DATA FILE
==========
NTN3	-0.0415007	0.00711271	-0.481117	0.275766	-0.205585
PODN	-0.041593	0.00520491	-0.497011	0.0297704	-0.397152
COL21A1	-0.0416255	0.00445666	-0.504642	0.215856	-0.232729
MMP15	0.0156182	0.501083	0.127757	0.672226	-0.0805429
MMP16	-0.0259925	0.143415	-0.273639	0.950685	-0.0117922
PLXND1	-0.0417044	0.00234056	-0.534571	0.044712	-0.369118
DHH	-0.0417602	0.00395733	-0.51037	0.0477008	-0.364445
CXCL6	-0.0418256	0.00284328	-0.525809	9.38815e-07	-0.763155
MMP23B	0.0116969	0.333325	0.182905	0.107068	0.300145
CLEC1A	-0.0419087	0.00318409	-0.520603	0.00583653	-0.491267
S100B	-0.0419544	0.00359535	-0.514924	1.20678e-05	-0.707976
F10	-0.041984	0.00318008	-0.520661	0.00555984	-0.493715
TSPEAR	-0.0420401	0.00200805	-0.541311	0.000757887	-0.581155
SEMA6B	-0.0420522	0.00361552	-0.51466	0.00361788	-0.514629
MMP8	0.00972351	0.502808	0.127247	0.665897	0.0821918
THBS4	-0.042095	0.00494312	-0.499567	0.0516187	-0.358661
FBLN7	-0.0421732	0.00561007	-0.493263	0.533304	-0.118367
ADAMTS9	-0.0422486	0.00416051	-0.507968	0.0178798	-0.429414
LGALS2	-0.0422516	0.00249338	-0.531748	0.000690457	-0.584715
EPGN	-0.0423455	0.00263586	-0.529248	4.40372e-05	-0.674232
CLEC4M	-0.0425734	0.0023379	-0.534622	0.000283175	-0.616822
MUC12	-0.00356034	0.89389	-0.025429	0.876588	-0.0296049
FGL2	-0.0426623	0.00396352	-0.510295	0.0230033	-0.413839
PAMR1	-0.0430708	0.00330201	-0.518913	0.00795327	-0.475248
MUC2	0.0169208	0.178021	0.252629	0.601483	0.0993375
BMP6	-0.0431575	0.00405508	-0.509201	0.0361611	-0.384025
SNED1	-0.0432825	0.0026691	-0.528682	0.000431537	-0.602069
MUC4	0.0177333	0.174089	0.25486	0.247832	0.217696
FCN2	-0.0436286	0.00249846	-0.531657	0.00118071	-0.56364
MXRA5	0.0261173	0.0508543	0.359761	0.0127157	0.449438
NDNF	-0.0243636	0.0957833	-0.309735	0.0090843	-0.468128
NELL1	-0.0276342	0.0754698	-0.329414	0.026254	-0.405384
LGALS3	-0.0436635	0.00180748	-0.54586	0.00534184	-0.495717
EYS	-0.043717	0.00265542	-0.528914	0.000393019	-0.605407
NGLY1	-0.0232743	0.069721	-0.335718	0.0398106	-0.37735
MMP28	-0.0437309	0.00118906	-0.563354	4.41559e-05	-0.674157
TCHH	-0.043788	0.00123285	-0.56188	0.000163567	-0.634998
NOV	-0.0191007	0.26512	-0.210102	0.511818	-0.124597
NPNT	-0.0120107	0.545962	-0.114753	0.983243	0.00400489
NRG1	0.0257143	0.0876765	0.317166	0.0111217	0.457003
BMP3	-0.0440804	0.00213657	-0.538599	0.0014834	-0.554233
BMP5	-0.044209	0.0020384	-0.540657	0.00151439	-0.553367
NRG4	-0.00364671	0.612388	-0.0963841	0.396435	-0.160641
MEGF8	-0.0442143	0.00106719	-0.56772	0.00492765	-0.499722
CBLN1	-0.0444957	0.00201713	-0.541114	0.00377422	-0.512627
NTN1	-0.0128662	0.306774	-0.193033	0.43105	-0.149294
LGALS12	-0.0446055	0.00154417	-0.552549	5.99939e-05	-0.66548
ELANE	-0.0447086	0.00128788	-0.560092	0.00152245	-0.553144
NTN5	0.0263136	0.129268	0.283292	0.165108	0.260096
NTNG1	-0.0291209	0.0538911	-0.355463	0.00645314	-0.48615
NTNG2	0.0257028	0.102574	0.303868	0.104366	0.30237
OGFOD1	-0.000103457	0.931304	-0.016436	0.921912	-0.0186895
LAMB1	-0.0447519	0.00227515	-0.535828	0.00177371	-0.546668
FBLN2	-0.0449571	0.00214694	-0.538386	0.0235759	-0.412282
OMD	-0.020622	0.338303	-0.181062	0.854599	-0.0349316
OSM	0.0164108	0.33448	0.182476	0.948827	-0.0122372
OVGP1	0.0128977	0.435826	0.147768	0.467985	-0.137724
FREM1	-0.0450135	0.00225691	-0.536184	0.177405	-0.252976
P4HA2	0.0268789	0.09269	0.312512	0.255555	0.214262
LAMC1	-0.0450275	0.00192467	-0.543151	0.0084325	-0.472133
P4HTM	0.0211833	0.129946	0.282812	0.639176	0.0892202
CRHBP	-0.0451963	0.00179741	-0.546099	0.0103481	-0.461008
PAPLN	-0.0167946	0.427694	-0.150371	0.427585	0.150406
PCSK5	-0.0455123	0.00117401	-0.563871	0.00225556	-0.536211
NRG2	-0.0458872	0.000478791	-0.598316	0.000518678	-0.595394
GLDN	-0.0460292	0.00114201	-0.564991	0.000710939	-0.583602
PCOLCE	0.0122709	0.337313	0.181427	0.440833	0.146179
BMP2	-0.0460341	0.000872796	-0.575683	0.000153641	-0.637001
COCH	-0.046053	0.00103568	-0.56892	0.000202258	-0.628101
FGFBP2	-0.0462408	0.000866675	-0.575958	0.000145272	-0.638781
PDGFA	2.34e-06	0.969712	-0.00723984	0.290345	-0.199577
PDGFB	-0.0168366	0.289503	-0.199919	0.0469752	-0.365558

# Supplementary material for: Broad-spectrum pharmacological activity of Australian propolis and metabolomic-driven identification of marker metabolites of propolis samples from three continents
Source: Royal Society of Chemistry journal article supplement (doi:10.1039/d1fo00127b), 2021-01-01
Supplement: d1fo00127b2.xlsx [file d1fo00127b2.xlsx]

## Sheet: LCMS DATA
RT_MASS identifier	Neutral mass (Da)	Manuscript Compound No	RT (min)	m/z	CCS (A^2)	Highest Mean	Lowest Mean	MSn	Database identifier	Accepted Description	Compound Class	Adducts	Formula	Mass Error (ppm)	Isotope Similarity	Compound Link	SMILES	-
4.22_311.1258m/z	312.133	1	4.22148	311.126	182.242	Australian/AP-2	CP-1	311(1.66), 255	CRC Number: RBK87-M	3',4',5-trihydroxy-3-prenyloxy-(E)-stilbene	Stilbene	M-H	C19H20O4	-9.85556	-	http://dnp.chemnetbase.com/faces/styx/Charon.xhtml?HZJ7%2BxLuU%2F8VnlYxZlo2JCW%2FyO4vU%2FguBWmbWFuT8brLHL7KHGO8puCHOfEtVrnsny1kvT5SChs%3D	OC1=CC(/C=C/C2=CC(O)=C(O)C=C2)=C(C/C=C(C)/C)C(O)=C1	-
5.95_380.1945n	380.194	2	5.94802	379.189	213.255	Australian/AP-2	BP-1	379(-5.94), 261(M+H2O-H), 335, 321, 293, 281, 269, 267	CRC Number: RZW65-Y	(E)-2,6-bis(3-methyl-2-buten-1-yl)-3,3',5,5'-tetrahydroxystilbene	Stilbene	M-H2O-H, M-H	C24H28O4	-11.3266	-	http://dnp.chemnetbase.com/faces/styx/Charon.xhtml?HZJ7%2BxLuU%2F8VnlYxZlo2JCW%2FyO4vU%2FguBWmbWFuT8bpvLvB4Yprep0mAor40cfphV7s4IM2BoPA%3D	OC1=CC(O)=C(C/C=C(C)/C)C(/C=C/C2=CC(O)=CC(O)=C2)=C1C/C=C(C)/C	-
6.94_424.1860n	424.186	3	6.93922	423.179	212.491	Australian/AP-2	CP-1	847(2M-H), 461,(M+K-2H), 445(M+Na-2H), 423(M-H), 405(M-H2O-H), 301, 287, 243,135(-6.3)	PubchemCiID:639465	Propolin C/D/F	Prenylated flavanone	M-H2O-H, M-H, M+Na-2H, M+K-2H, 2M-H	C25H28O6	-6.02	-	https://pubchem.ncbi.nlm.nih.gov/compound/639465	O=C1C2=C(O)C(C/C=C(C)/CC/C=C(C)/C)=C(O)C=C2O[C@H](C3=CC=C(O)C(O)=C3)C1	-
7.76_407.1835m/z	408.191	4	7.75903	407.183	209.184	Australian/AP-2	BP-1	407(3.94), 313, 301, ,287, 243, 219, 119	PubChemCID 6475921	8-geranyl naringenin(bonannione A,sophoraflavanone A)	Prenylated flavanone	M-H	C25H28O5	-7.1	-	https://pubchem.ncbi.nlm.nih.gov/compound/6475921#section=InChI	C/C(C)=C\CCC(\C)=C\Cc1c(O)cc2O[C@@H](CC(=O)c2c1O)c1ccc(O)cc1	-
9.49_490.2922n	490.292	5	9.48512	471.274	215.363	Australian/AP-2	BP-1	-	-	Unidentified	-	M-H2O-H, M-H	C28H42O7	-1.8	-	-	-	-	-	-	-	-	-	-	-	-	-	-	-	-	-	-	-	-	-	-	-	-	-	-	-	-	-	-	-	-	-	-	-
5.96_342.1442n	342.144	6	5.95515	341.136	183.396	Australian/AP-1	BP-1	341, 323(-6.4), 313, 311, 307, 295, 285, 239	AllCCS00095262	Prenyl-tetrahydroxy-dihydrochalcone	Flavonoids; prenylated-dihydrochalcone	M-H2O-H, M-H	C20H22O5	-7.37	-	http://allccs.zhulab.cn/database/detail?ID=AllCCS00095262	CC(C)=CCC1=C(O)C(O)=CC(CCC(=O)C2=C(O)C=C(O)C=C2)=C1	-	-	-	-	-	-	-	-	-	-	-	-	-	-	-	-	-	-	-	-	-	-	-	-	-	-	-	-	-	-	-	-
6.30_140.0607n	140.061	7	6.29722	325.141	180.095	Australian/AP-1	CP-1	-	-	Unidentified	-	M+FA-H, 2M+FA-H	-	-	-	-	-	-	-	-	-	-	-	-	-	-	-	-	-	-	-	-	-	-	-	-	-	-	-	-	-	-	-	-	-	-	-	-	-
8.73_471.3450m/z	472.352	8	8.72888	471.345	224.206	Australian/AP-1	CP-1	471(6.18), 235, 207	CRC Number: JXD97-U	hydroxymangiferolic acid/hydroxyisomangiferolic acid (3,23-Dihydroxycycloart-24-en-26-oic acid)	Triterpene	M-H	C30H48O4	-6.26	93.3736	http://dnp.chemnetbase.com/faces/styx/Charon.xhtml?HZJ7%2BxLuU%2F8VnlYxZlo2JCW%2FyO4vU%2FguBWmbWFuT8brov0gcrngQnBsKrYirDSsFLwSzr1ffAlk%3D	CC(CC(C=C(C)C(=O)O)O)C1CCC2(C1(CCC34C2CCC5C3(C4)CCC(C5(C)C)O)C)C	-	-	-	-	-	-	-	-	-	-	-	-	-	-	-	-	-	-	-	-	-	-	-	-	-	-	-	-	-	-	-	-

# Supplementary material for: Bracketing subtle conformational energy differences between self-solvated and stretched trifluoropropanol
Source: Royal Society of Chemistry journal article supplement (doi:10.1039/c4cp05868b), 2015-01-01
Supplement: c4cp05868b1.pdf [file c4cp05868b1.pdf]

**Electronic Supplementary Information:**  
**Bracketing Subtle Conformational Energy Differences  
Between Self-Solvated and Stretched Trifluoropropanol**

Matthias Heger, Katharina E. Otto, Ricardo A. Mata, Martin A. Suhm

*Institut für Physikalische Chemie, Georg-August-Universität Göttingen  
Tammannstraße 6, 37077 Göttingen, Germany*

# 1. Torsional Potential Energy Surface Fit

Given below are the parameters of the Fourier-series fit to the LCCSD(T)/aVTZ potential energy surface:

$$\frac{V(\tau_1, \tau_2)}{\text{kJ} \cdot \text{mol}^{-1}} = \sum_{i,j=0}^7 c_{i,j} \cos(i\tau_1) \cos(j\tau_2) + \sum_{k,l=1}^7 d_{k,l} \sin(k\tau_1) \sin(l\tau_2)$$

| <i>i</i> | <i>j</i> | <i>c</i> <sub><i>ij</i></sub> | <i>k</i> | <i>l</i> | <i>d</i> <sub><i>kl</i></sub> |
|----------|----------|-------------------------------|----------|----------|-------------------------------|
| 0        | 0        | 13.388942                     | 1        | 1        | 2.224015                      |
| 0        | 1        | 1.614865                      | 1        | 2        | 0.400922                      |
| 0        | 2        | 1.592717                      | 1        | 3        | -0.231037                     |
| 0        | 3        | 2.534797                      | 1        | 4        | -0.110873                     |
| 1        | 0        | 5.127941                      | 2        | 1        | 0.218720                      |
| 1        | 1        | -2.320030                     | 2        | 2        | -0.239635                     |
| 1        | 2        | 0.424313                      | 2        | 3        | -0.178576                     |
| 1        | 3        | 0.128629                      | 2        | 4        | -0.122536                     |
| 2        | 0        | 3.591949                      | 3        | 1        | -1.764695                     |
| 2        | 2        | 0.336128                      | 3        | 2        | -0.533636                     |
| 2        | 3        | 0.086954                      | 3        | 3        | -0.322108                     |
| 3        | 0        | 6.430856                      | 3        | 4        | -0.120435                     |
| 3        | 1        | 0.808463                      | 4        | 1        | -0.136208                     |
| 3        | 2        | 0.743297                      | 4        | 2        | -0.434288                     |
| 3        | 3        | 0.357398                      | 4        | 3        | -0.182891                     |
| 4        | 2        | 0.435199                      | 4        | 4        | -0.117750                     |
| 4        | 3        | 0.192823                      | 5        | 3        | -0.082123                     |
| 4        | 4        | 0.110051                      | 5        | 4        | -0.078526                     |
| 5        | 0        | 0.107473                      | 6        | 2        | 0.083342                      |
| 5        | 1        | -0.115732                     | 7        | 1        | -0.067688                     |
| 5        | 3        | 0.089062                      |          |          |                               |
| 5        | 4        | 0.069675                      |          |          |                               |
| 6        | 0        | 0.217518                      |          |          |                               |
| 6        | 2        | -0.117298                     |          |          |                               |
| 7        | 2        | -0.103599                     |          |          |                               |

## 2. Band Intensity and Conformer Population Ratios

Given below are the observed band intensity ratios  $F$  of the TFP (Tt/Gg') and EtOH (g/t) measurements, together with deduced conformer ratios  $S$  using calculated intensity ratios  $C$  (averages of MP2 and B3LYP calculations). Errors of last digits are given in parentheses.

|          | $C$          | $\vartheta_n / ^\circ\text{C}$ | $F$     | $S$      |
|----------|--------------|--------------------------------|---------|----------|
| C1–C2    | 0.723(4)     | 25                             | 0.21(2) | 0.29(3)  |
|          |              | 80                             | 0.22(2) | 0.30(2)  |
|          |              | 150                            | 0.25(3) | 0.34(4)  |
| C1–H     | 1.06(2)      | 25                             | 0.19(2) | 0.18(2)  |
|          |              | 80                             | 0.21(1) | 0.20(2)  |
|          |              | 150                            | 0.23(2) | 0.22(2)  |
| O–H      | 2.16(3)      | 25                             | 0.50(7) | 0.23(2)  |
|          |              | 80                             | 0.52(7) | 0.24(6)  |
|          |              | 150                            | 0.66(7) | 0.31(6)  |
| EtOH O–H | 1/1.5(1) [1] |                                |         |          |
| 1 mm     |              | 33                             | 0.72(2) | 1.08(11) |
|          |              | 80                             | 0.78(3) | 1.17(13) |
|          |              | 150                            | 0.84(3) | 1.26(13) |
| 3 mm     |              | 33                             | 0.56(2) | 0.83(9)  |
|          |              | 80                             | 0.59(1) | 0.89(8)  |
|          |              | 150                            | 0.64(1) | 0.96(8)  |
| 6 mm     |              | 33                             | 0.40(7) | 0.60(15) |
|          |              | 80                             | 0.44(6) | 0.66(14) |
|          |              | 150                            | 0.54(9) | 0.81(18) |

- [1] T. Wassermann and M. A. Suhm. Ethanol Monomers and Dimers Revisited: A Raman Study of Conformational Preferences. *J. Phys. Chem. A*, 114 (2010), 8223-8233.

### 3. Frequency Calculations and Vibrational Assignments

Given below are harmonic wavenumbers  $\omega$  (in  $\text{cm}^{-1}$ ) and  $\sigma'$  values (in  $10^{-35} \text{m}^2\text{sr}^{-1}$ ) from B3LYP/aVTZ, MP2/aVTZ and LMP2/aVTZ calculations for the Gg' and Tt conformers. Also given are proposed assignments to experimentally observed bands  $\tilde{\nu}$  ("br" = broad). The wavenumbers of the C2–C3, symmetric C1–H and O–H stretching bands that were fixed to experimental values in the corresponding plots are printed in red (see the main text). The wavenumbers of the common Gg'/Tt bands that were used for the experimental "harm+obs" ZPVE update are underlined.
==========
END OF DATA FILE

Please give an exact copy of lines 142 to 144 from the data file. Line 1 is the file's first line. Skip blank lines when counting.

| 3 mm     |              | 33                             | 0.56(2) | 0.83(9)  |
|          |              | 80                             | 0.59(1) | 0.89(8)  |
|          |              | 150                            | 0.64(1) | 0.96(8)  |